On moving to South Africa, travelling will undoubtedly be part of your everyday life. If you do not wish to use public transport, you may probably want to drive, provided you have a valid driver's licence. In general, foreign nationals are allowed to drive in the country with their original driver's licence provided it contains a passport-size identity photo and it is accompanied by an English translation. The international driver's licence is also recognised by local authorities.
In case you have not been able to translate your original driver's licence before moving, you can still hire an accredited translator once there.
South Africa's road infrastructure
In general, most South African main roads are in good condition. However, you are likely to come across dirt roads or asphalted roads with potholes and which are prone to landslides. Beware, also, of sharp bends without any road signs. In general, driving in South Africa seems straightforward enough and road quality will vary from one municipal district to another.
Toll generally applies to roads linking the major cities to one another. Rates vary between R10 and R200 and can be paid either in cash or via bank cards. There are usually free alternatives, albeit much longer routes.
The South African Highway Code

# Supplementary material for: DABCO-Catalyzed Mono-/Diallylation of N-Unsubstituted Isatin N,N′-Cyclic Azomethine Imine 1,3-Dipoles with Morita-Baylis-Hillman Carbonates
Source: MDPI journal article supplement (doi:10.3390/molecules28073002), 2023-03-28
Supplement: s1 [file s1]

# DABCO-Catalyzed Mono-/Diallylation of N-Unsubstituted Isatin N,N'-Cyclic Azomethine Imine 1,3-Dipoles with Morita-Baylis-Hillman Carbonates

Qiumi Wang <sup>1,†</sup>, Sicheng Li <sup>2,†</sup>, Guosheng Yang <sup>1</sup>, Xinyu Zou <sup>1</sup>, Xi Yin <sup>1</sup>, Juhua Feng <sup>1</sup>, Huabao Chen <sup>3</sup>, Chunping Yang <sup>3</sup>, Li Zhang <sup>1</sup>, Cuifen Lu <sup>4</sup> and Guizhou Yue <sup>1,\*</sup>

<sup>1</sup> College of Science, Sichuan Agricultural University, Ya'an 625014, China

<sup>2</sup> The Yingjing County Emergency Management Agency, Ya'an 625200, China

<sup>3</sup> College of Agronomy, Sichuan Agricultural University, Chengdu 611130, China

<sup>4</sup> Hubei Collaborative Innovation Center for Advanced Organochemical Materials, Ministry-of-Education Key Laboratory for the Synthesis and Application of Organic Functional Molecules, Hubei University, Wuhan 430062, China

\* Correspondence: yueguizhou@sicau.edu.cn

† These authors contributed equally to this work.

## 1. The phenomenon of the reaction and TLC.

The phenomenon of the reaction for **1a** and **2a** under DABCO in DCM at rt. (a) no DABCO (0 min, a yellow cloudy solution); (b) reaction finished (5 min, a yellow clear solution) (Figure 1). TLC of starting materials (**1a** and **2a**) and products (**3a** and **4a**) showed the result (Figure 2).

In South Africa, you will be driving on the left side of the road as the steering wheel is found on the right side, as is the case in England. Driving can seem quite tricky at first, especially when you come across junctions without traffic lights. In this case, priority goes to the car that arrives first.
With regards to road markings, continuous yellow lines indicate that parking is prohibited, while red lines indicate that no stopping at all is allowed. Most traffic signs are in English, along with one or more local languages.
Speed limits generally vary from one road to another. The speed limit is 60 km/h in cities (80 km/h in some ares) and 120 km/h on national roads. Speed cameras are used frequently, but you are likely to come across these in major cities and their peripheries.
Finally, a maximum of 0.5 mg of alcohol in blood is the legal limits in South Africa, and the use of mobile phones is strictly prohibited. The authorities have taken a zero tolerance approach to drinking and driving, which has been a boost to the taxi industry.
First of all, you are advised to be very vigilant or to avoid driving at night, especially in rural and poorly lit areas where you are likely to come across pedestrians and animals on the road.
On the other hand, the use of hazard lights and headlight flash is almost part of road courtesy. In fact, drivers generally communicate through these signs. A driver will generally switch on his vehicle's hazard light to thank another driver. Flashing the headlight usually means giving way or indicating danger ahead.
Roundabouts are also treaded differently in South Africa. Small roundabouts are often, incorrectly, treated as four-way stops where the first one to arrive has right-of-way. This can be confusing and a little dangerous because you don’t know how the locals treat their roundabout. In major cities, roundabouts are used as anywhere else, except that indicate where you intend to leave the roundabout – thereby warning waiting traffic that you will either be passing them to get to your exit, or you’ll leave at the next exit, and that they are free to enter.